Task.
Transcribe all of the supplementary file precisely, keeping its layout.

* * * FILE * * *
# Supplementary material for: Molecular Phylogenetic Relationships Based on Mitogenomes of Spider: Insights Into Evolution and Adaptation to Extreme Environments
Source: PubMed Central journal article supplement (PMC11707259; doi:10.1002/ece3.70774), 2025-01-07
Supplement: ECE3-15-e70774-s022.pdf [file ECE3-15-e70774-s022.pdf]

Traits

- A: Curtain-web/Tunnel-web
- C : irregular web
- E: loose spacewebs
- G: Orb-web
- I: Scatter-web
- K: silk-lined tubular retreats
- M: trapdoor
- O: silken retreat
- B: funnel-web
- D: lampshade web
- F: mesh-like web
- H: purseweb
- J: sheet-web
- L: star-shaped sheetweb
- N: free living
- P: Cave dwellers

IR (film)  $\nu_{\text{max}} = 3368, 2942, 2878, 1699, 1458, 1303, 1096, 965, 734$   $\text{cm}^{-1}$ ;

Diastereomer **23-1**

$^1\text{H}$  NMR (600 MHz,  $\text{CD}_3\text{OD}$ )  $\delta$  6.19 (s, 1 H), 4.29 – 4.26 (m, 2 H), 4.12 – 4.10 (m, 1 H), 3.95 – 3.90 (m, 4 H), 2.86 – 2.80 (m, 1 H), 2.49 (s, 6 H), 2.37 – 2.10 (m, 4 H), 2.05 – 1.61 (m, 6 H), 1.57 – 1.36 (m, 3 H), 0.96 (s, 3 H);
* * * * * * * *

# Supplementary material for: Molecular Phylogenetic Relationships Based on Mitogenomes of Spider: Insights Into Evolution and Adaptation to Extreme Environments
Source: PubMed Central journal article supplement (PMC11707259; doi:10.1002/ece3.70774), 2025-01-07
Supplement: ECE3-15-e70774-s022.pdf [file ECE3-15-e70774-s022.pdf]

Traits

- A: Curtain-web/Tunnel-web
- C : irregular web
- E: loose spacewebs
- G: Orb-web
- I: Scatter-web
- K: silk-lined tubular retreats
- M: trapdoor
- O: silken retreat
- B: funnel-web
- D: lampshade web
- F: mesh-like web
- H: purseweb
- J: sheet-web
- L: star-shaped sheetweb
- N: free living
- P: Cave dwellers

IR (film)  $\nu_{\text{max}} = 3368, 2942, 2878, 1699, 1458, 1303, 1096, 965, 734$   $\text{cm}^{-1}$ ;

Diastereomer **23-1**

$^1\text{H}$  NMR (600 MHz,  $\text{CD}_3\text{OD}$ )  $\delta$  6.19 (s, 1 H), 4.29 – 4.26 (m, 2 H), 4.12 – 4.10 (m, 1 H), 3.95 – 3.90 (m, 4 H), 2.86 – 2.80 (m, 1 H), 2.49 (s, 6 H), 2.37 – 2.10 (m, 4 H), 2.05 – 1.61 (m, 6 H), 1.57 – 1.36 (m, 3 H), 0.96 (s, 3 H);